Reasonable Doubt: I'll see you in (online) court

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      Our court system has been quietly changing in the past few years. The B.C. Civil Resolution Tribunal (CRT) has been up and running since last year. Its rollout created a buzz as what was touted as the world’s first fully online court system. You read that right: online.

      This means a court system where you wouldn’t need to appear before a judge in a courtroom or file papers at the courthouse. Everything would be done from the comfort of your home. Reasonable Doubt first wrote on this back in 2015 about its ambitions to be an innovative, accessible, and inexpensive court system. 

      Up until now, the CRT has only been hearing disputes between strata owners and their strata corporations. So if you haven’t been embroiled in a lawsuit with your strata, perhaps that’s why you haven’t heard of the CRT. But as the tribunal enters its second year, it is back in the news. Starting on June 1, 2017, the CRT will be expanding: it will become responsible for all small-claims disputes for less than $5,000.  If you’ve got a civil dispute that size that hasn’t been litigated yet, it’s likely that you won’t be going through the B.C. Small Claims Court.  Instead, you’ll find yourself in the CRT.

      To find out what this means for you, I recently spoke with the CRT chair, Shannon Salter. Salter explained that the announced expansion of the CRT is building off the progress made since its launch. Since July 2016, the CRT has given 5,000 people free legal information and has been in charge of 285 claims of strata disputes.

      Tribunal members have been adjudicating cases and publishing their reasons online. The vast majority of the strata disputes with the CRT have been resolved without the need for a final hearing. Their goal remains to process cases from beginning to end within 90 days. This is far less than civil disputes in B.C. Small Claims Court or B.C. Supreme Court that can stretch on for years and years.

      Salter was quick to point out the convenience to the public of a court system that doesn’t have typical business hours because it functions online. “The vast majority want to do everything online. Forty to 45 percent are engaging with the CRT outside of the typical court hours. What we’re noticing is people appreciate doing this on their own time,” Salter said.  She suggested that most people in small-claims cases don’t want to have to take time off work, find child care, and travel to the courthouse.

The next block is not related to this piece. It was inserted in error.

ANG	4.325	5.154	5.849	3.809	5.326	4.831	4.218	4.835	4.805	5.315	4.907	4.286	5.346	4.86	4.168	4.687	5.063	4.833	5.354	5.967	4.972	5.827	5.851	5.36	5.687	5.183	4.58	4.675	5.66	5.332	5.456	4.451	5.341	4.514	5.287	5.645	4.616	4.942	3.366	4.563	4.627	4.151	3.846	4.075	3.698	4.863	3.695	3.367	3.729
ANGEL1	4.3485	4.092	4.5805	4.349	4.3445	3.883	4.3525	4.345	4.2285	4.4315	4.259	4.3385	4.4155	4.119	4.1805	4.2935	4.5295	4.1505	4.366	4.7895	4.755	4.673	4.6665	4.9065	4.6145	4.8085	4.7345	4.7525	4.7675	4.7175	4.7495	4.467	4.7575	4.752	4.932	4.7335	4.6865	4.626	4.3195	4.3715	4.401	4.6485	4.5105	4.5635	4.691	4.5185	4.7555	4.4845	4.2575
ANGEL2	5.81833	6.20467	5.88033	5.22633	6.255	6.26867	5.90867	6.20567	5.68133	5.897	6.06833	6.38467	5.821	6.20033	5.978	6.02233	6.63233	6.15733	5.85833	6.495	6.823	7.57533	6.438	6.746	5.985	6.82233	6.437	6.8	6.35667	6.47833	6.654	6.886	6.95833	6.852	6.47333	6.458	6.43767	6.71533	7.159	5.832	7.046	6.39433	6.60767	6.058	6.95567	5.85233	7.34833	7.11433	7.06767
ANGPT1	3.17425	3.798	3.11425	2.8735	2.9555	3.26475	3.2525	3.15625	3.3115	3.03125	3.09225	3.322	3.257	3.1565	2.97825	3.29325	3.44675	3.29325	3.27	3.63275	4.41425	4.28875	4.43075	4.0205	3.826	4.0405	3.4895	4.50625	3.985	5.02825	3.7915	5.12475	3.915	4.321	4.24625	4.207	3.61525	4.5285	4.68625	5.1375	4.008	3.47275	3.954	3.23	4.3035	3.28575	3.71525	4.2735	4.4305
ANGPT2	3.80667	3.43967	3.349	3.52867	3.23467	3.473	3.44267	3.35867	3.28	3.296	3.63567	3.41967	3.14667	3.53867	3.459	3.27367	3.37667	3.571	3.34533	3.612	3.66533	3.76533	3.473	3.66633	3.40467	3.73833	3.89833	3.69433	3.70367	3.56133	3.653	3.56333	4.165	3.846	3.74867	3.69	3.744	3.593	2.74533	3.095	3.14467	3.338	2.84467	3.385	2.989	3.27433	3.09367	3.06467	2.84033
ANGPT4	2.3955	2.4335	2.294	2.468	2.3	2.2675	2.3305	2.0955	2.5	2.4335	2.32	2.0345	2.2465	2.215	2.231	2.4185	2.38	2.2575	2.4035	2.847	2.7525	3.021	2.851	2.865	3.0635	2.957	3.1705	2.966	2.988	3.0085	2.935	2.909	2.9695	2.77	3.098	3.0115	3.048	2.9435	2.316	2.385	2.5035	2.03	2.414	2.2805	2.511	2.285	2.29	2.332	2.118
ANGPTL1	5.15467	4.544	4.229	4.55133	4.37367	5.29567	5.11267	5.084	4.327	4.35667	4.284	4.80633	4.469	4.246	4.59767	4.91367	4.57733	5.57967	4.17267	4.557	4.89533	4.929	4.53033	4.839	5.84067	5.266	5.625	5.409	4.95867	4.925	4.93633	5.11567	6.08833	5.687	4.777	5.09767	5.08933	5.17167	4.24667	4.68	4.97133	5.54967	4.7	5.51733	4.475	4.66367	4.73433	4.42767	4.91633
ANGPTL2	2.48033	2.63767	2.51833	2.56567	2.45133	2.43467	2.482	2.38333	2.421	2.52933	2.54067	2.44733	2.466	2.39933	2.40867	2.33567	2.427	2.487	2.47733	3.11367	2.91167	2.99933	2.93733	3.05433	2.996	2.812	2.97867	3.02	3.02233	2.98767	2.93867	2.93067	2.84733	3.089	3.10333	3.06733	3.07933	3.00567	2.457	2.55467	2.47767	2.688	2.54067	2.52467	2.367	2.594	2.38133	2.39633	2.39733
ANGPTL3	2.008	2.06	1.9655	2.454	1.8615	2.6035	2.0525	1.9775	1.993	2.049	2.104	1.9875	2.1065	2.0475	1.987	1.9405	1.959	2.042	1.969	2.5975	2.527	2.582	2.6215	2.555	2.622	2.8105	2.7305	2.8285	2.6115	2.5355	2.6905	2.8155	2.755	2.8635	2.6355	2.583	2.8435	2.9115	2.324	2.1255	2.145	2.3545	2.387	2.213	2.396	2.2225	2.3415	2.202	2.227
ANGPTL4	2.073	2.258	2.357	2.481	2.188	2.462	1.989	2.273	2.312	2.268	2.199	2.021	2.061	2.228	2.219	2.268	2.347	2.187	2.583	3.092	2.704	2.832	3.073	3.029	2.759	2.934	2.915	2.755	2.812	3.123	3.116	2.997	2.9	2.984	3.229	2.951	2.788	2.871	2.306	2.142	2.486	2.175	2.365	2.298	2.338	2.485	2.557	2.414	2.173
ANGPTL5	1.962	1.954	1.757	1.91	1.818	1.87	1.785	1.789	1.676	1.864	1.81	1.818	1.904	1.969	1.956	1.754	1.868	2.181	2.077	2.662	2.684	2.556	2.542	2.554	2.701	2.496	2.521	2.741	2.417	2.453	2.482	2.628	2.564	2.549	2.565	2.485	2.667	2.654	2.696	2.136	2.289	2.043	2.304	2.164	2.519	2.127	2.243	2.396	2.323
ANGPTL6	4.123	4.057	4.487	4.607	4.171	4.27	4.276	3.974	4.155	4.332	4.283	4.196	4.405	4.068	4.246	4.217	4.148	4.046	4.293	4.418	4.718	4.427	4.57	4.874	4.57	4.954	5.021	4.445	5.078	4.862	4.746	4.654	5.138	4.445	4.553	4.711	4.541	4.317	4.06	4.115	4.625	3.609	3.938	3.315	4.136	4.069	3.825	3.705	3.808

Still, there are concerns that come with an online court. Before the CRT was even launched, Reasonable Doubt brought these up. I wondered whether the convenience and speediness of the CRT would come at a cost. For example, a fully online tribunal would not generally have evidence given in person. Instead, the CRT would only have what’s submitted online—arguably less reliable and less credible forms of evidence. What has been the CRT’s experiences so far with this limitation?  Are people leaving the CRT system satisfied or are they simply rushing off to seek appeals?

      Salter acknowledged that it has only been eight months since it launched, but she feels that the feedback has been positive. The inherent limitations in hearing evidence don’t seem to affect user satisfaction. Salter pointed out that the CRT can still consider holding its hearings in person, on videoconference, or in a teleconference. Surprisingly, most people have not even asked the tribunal for these options. In fact, none of the hearings so far have been conducted that way. Another telling sign is that of the 14 cases that have gone right to the very end, only one had a party who was interested in appealing.

      On the phone, Salter sounded proud of what the CRT has accomplished and where it is headed. She seems passionate that the CRT help the public negotiate their disputes and become user-friendly for everyone.

      Given the backlogged court systems and public dissatisfaction with wait times, it’s a good bet that the CRT will only continue to expand its role. “Eventually, what you will see is all claims—whether it's for $10 or $50,000—will go through the initial phases of the CRT process,” Salter predicted. This would free up court time for criminal and family cases while making the overall experience for people in civil disputes more accessible. 

      There is reason to be optimistic about the CRT. The B.C. Small-Claims Court is designed to be user-friendly for self-represented litigants in small lawsuits, but the CRT takes this to another level. It makes sense to expand the CRT’s jurisdiction to civil disputes under $5,000. Here, the court system can be focused on delivering resolution that is convenient, quick, and easy to use. 

      The writer would like to thank Shannon Salter for her time.  Since her interview, the number of claims handled by the CRT have increased to over 300 with 19 published decisions (and counting).  Find out more about the Civil Resolution Tribunal here